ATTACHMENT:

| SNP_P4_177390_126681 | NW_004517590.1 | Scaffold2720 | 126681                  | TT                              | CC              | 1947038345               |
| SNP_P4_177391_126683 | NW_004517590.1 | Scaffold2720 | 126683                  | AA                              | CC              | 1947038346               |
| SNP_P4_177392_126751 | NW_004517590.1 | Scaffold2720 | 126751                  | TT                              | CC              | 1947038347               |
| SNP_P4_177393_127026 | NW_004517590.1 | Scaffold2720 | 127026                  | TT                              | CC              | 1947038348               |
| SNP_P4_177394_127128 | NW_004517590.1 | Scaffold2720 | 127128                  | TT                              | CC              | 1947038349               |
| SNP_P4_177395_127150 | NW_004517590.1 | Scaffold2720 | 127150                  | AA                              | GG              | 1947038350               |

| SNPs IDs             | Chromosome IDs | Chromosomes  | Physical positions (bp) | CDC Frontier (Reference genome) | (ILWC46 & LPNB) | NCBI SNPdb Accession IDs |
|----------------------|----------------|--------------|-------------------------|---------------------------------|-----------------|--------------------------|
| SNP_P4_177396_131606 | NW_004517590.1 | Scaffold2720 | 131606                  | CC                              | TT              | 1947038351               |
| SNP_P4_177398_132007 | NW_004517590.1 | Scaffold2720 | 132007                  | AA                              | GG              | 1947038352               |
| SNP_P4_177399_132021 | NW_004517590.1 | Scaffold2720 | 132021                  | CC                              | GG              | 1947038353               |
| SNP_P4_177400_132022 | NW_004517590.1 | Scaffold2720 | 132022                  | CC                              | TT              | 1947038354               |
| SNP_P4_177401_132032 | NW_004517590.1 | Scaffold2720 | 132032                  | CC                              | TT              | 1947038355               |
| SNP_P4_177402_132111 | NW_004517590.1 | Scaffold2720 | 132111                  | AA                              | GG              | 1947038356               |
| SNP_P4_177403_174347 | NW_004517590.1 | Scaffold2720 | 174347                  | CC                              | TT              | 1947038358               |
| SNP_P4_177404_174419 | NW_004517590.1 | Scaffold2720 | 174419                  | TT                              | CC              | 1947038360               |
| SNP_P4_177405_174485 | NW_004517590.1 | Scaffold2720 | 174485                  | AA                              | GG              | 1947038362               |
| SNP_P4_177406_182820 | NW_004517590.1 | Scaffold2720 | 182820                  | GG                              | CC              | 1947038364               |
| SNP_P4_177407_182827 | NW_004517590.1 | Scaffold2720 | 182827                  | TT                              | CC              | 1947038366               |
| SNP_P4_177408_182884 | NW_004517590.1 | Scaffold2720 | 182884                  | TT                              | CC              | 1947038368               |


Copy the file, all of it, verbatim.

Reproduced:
| SNP_P4_177390_126681 | NW_004517590.1 | Scaffold2720 | 126681                  | TT                              | CC              | 1947038345               |
| SNP_P4_177391_126683 | NW_004517590.1 | Scaffold2720 | 126683                  | AA                              | CC              | 1947038346               |
| SNP_P4_177392_126751 | NW_004517590.1 | Scaffold2720 | 126751                  | TT                              | CC              | 1947038347               |
| SNP_P4_177393_127026 | NW_004517590.1 | Scaffold2720 | 127026                  | TT                              | CC              | 1947038348               |
| SNP_P4_177394_127128 | NW_004517590.1 | Scaffold2720 | 127128                  | TT                              | CC              | 1947038349               |
| SNP_P4_177395_127150 | NW_004517590.1 | Scaffold2720 | 127150                  | AA                              | GG              | 1947038350               |

| SNPs IDs             | Chromosome IDs | Chromosomes  | Physical positions (bp) | CDC Frontier (Reference genome) | (ILWC46 & LPNB) | NCBI SNPdb Accession IDs |
|----------------------|----------------|--------------|-------------------------|---------------------------------|-----------------|--------------------------|
| SNP_P4_177396_131606 | NW_004517590.1 | Scaffold2720 | 131606                  | CC                              | TT              | 1947038351               |
| SNP_P4_177398_132007 | NW_004517590.1 | Scaffold2720 | 132007                  | AA                              | GG              | 1947038352               |
| SNP_P4_177399_132021 | NW_004517590.1 | Scaffold2720 | 132021                  | CC                              | GG              | 1947038353               |
| SNP_P4_177400_132022 | NW_004517590.1 | Scaffold2720 | 132022                  | CC                              | TT              | 1947038354               |
| SNP_P4_177401_132032 | NW_004517590.1 | Scaffold2720 | 132032                  | CC                              | TT              | 1947038355               |
| SNP_P4_177402_132111 | NW_004517590.1 | Scaffold2720 | 132111                  | AA                              | GG              | 1947038356               |
| SNP_P4_177403_174347 | NW_004517590.1 | Scaffold2720 | 174347                  | CC                              | TT              | 1947038358               |
| SNP_P4_177404_174419 | NW_004517590.1 | Scaffold2720 | 174419                  | TT                              | CC              | 1947038360               |
| SNP_P4_177405_174485 | NW_004517590.1 | Scaffold2720 | 174485                  | AA                              | GG              | 1947038362               |
| SNP_P4_177406_182820 | NW_004517590.1 | Scaffold2720 | 182820                  | GG                              | CC              | 1947038364               |
| SNP_P4_177407_182827 | NW_004517590.1 | Scaffold2720 | 182827                  | TT                              | CC              | 1947038366               |
| SNP_P4_177408_182884 | NW_004517590.1 | Scaffold2720 | 182884                  | TT                              | CC              | 1947038368               |